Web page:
Word 2013: Better by Design

This article authored by Jeffrey Roach originally appeared in the September 2014 issue of ALM’s LJN LegalTech Newsletter.

Hey, wanna know the one rule for a flat stomach? How about the secret $5 wrinkle buster? [Spoiler] There is no one rule or $5 secret. But it must be part of the human condition to seek out quick solutions to thorny problems, because we keep clicking these ads. This trickles into my little corner of world through a seemingly harmless question: Should I turn that off? “That” could be anything from Keep track of formatting to Prompt to update style. People will run up to me at a conference or after a speech and ask me crazy things like whether they should turn off Set left- and first –indent with tabs and backspaces. Although the details of the question change, my answer is always the same. I don’t know, should you?

You can dramatically alter the usability of a product by tweaking the various options associated with each of the Microsoft Office products, but like the Matrix you can’t be told whether or not something should be turned off, you have to be shown. As part of an ongoing article series, I will be walking you through a fresh, out-of-the-box installation of Office 2013 and demonstrating how minor changes to the design of the desktop can have a major impact on productivity. As you might expect, Word will likely get a disproportionate amount of our time, since we have a long and colorful history of manipulating how it looks.

Helping firms work through these subtleties is something I’ve done since the glory days of Office 97. I usually lock myself up in a conference with members of the project team for a couple of days methodically turning things off and on and discussing which option provides a better user experience and then trying to balance that with what the firm has historically done, and what the users’ expectations are. Some of the choices are easy and obvious. Does anyone really want their Heading 1 to be 14 pt., Cambria and blue? I think not. Others are far more complicated. But setting by setting we work our way through it and the end of the session we have a desktop that we believe will enable our users to be successful. [What they actually do with that desktop is a whole other article.]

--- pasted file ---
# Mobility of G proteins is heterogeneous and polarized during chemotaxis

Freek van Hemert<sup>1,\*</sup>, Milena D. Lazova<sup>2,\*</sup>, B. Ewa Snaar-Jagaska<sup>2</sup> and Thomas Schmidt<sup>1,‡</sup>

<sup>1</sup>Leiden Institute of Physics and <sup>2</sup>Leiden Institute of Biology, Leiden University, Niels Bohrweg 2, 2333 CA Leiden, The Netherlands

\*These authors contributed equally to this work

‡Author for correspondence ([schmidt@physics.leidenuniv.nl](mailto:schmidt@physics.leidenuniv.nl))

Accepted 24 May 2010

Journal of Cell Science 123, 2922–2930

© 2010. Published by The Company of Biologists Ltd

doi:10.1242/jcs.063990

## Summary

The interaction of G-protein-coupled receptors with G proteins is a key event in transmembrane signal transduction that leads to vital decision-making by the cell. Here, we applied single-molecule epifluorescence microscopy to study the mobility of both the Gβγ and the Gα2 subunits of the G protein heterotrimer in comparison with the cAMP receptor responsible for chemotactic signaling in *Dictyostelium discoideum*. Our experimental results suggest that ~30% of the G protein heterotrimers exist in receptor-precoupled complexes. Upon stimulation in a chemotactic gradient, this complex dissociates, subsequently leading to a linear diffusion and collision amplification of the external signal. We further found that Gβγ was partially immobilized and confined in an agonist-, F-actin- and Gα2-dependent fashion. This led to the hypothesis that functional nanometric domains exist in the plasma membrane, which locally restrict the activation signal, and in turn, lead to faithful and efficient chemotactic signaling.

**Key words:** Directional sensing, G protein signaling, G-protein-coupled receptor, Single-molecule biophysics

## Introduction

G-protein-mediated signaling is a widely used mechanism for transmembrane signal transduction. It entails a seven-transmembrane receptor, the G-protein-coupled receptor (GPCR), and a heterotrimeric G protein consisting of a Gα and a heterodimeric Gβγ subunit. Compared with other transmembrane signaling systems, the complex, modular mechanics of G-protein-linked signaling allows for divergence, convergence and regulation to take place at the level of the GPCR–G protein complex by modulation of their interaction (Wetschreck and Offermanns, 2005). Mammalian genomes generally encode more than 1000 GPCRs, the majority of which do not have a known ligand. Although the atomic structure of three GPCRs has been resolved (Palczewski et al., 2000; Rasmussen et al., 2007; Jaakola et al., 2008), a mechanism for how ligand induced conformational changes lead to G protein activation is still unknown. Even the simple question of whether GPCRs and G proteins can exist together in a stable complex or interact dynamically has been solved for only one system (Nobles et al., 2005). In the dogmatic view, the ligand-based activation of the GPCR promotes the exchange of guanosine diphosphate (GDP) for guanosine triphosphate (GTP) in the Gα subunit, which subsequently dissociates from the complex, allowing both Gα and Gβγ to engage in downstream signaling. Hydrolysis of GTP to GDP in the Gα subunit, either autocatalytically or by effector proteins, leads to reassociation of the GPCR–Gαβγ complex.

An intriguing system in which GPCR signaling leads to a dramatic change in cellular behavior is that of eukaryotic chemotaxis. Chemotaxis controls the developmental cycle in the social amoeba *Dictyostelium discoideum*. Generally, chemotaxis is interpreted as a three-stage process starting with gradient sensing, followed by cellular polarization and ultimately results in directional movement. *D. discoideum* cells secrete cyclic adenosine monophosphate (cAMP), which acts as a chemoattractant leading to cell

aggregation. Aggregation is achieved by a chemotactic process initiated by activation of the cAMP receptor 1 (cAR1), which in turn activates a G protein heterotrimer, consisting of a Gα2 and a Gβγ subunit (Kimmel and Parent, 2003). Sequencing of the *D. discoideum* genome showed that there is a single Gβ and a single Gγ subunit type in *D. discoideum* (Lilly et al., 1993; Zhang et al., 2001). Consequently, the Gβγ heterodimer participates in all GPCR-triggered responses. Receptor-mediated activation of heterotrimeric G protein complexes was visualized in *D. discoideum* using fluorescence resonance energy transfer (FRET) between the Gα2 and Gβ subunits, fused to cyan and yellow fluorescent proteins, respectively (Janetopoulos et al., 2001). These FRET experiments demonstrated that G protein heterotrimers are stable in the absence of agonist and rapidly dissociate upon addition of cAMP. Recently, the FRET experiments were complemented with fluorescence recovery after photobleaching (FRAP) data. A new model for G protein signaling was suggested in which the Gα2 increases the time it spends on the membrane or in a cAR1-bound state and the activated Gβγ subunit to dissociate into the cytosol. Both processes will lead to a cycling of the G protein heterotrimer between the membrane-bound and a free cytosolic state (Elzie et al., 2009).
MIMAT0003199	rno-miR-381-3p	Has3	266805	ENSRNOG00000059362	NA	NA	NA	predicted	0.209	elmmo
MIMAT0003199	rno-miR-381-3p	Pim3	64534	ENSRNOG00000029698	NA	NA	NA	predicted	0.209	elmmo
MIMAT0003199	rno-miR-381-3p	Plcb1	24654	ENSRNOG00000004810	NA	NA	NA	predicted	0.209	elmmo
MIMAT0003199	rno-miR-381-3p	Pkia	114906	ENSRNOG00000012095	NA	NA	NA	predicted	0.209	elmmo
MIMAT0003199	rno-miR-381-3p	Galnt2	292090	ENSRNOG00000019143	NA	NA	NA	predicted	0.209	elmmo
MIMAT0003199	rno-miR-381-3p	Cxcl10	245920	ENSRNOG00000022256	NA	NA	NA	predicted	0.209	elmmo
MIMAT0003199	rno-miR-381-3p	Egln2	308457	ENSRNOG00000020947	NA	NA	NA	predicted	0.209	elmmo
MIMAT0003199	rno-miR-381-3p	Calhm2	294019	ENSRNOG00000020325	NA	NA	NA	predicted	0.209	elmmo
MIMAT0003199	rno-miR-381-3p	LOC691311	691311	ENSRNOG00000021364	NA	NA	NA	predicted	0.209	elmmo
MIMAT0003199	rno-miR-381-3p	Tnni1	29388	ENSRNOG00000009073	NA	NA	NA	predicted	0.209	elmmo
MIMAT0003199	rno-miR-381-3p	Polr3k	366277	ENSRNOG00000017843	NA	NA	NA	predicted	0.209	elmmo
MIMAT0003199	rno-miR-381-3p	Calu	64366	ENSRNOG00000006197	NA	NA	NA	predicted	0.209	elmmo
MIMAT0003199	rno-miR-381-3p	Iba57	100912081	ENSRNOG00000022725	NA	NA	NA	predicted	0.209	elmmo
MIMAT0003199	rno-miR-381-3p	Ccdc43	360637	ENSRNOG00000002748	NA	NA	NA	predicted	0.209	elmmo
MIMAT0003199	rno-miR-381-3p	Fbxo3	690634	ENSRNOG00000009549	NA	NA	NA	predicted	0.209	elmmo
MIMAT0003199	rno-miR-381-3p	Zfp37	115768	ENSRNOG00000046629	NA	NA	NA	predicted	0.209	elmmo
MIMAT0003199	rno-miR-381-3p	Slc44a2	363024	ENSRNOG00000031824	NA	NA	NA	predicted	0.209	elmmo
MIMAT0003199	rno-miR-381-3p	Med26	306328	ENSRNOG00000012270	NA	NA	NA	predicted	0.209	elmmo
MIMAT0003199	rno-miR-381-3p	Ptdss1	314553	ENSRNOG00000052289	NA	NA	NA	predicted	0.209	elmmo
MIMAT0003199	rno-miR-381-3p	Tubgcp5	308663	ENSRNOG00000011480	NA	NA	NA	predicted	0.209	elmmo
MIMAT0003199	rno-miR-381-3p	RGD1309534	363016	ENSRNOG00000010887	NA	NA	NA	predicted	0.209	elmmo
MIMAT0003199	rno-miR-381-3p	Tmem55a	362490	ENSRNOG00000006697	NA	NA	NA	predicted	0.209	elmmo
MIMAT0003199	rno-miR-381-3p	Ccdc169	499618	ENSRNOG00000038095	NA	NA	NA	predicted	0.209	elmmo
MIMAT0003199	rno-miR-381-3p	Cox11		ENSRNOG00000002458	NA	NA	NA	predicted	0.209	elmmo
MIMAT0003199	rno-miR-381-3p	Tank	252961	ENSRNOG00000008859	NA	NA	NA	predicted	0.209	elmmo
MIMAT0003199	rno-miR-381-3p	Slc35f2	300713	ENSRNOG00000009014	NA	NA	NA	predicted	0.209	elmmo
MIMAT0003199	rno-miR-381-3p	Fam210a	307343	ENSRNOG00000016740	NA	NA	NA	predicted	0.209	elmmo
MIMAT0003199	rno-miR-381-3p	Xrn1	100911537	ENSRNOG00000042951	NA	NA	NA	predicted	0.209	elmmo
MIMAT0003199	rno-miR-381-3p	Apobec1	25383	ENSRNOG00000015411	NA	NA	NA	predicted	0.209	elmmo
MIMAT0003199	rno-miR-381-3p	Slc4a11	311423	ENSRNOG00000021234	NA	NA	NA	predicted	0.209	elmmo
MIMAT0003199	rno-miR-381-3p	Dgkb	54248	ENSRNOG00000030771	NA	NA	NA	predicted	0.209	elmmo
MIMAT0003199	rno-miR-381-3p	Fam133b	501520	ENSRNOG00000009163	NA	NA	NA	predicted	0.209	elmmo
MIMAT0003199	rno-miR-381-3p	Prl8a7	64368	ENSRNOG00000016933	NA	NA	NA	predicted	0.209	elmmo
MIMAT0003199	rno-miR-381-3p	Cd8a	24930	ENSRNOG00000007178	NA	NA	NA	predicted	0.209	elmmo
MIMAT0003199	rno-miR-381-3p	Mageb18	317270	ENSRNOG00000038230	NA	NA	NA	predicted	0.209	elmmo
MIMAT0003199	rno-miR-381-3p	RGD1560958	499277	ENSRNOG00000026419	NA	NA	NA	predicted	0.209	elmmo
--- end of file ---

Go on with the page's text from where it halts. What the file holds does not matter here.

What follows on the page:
The Secret Circle

I think about the days prior to Office 97 as the dark days, the lost years. I first started teaching and using Word back in the DOS days, but that was in a corporate environment. The first time I taught Word in a law firm was Word 2.0. Trying the guide secretaries who were used to WordPerfect into the murky waters of Word was painful for them and me. The truth is I had no idea why Word did the things it did. Over the years and subsequent versions we trainers formed a secret society that would get together and try to make sense of things. I remember being an early evangelist for a feature called “Headings”. We did manage to cobble together a shared understanding of how Word worked, but it wasn’t until the release of the Office 97 Resource Kit by Microsoft that many of us had our aha moment. In Part 6: Architecture of Office, Microsoft clearly and concisely laid out the underlying architecture behind each of the Office products. I can say without shame that Chapter 39: Microsoft Word Architecture completely changed my life. I want you to stop and think about how sad that statement is. Nonetheless it is absolute required reading for any Microsoft Office enthusiast and it has aged remarkably well. You can still find a copy online at Microsoft.com, just search for Office 97 Resource Kit. Much of what I will discuss in this series of articles is built on the shoulders of the book.

Start Me Up